Slimbach says at the beginning of Chapter 5 of Becoming World Wise, “Among the many benefits arising from the global movement of people across national borders is the unprecedented opportunity for face-to-face encounters with different cultures in our own backyard. International students at a local college or university; immigrant shop or restaurant owners; and congregants of local temples, mosques, or churches – each are potential aids, even mentors, for the adventure ahead.” Part of the reason why I wanted so badly to study abroad was to meet new people from not only London or England, but from all over the world. I am very active on social media, and over the years I have gotten to know people from many different countries and cultures. Studying abroad gives me the opportunity to do the same thing, but face-to-face as Slimbach describes. So far I have had the pleasure to meet not only other American students that are participating in my program, but also many British students at my university as well as other international students from places such as France and Italy. I also got to meet a friend of mine that I met on Twitter who is from Poland but is studying here in London at Middlesex University. I have always loved meeting new people and making new friends and so far I have done a lot of that in my short time here.
I think that meeting people from other cultures and getting to know them is beneficial for so many reasons. First, as Slimbach says, meeting people who live in your host culture and have different values can help aid you in integrating yourself into the culture during your study abroad experience. Secondly, and I think most importantly, learning about other people and their culture and values can help you become more open-minded and change your perspective on the world. If you live your whole life only knowing your home country’s culture, then you are limiting yourself in my opinion. Learning about how others live can make you a more understanding person and help you see the world more completely, instead of just looking at everything from an American perspective, an English perspective, etc. Meeting new and different people helps you see every side to every story.
The person I decided to do this week’s interview activity with is someone that I met at my university. His name is Laurie Cope, and he is from London. However, the reason why I thought he was a good choice for the interview was that despite living in London for most of his life he has also briefly lived in New York City and Tokyo, and he has traveled all over the world, which I think makes him able to compare different cultures and their values very well. We met over the weekend at a coffee shop and ended up talking for a few hours.
Culturally, England, especially London, and the United States are very similar. When we were talking, Laurie even jokingly referred to England as “America 2.0”. One of the values that we talked about in which England and the U.S. may differ though, is Change vs. Tradition. Despite their role not being as important in government, England still has a monarch and royal family. England has also recently voted to leave the European Union, which as become known as “Brexit”. Although this is a change for the country, it is based on more traditional and conservative beliefs, held by mostly older people in the country. Also, when talking about the values such as Boasting vs. Modesty, Direct vs. Indirect, and Confrontation vs. Avoidance, there was a similar theme and difference between England and the U.S. In England, people are known to be less confrontational and direct about their feelings. As we talked about this, I shared my personal experiences of often being stared, and possibly glared, at by other passengers on the Tube while riding with friends because of our loud and seemingly obnoxious American accents. However, I did also express my annoyance at the fact that upon learning that I’m American, the British people I’ve met are very curious about my feelings about Donald Trump and his presidency. I learned from Laurie that because British people see Americans as more outgoing and loud, they as a result seem more approachable and easy to talk to. So although British people may seem more closed-off, American people seem to break through those walls and get them to open up.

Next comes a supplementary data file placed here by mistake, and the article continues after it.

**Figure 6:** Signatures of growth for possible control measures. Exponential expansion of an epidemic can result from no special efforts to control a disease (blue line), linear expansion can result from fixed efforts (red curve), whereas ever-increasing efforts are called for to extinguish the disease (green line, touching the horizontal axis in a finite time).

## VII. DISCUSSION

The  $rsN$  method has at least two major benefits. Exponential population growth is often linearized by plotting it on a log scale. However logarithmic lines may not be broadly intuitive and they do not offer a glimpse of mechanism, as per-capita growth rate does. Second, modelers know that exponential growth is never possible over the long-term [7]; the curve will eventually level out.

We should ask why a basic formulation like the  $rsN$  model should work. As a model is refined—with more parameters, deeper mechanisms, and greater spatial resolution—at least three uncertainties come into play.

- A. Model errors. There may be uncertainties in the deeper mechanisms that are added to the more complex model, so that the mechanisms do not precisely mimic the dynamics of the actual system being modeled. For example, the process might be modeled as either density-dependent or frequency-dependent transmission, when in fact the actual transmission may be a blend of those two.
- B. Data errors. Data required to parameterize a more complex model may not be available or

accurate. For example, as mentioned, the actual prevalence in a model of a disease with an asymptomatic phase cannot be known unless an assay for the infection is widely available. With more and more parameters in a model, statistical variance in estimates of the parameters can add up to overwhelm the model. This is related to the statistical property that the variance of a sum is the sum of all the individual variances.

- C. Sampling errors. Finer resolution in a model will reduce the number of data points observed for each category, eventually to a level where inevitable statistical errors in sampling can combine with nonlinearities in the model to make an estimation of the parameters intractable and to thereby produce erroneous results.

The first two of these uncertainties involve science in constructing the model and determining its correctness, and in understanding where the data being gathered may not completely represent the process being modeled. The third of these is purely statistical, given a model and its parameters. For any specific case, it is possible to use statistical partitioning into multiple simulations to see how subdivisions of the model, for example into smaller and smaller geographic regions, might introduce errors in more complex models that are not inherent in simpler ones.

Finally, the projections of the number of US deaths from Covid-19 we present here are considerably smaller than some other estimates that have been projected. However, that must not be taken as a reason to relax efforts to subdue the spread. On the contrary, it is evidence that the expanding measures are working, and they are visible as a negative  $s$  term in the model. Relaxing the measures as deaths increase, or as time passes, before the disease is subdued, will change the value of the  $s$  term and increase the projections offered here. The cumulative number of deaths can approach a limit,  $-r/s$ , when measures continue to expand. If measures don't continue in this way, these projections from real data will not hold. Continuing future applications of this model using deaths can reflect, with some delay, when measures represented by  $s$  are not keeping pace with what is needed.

A specific part of home campus life that I do not participate in, and frankly have no desire to participate in, is Greek life. Fraternities and sororities never appealed to me and although I don’t hold a negative opinion of people who participate in those groups, I could never understand what the appeal of participating is. To me, and this is in no offense to anyone, it just seems like you’re paying to have a group of friends and get invited to more parties and things like that. Especially at a school like Quinnipiac where we are not allowed to have fraternity or sorority houses. I have many friends that are in sororities, and through them I have become very knowledgeable about things like the rushing process and what the main differences between different sororities and fraternities are. However, I do think I should be more open to letting them explain to me what being in their sororities means to them and why they choose to participate in something that has no value to me. Maybe then I would be more understanding and see Greek life in a better light. Especially since a large percentage of Quinnipiac students participate in Greek life and those groups do many activities to benefit the university community and also the communities of Hamden and New Haven.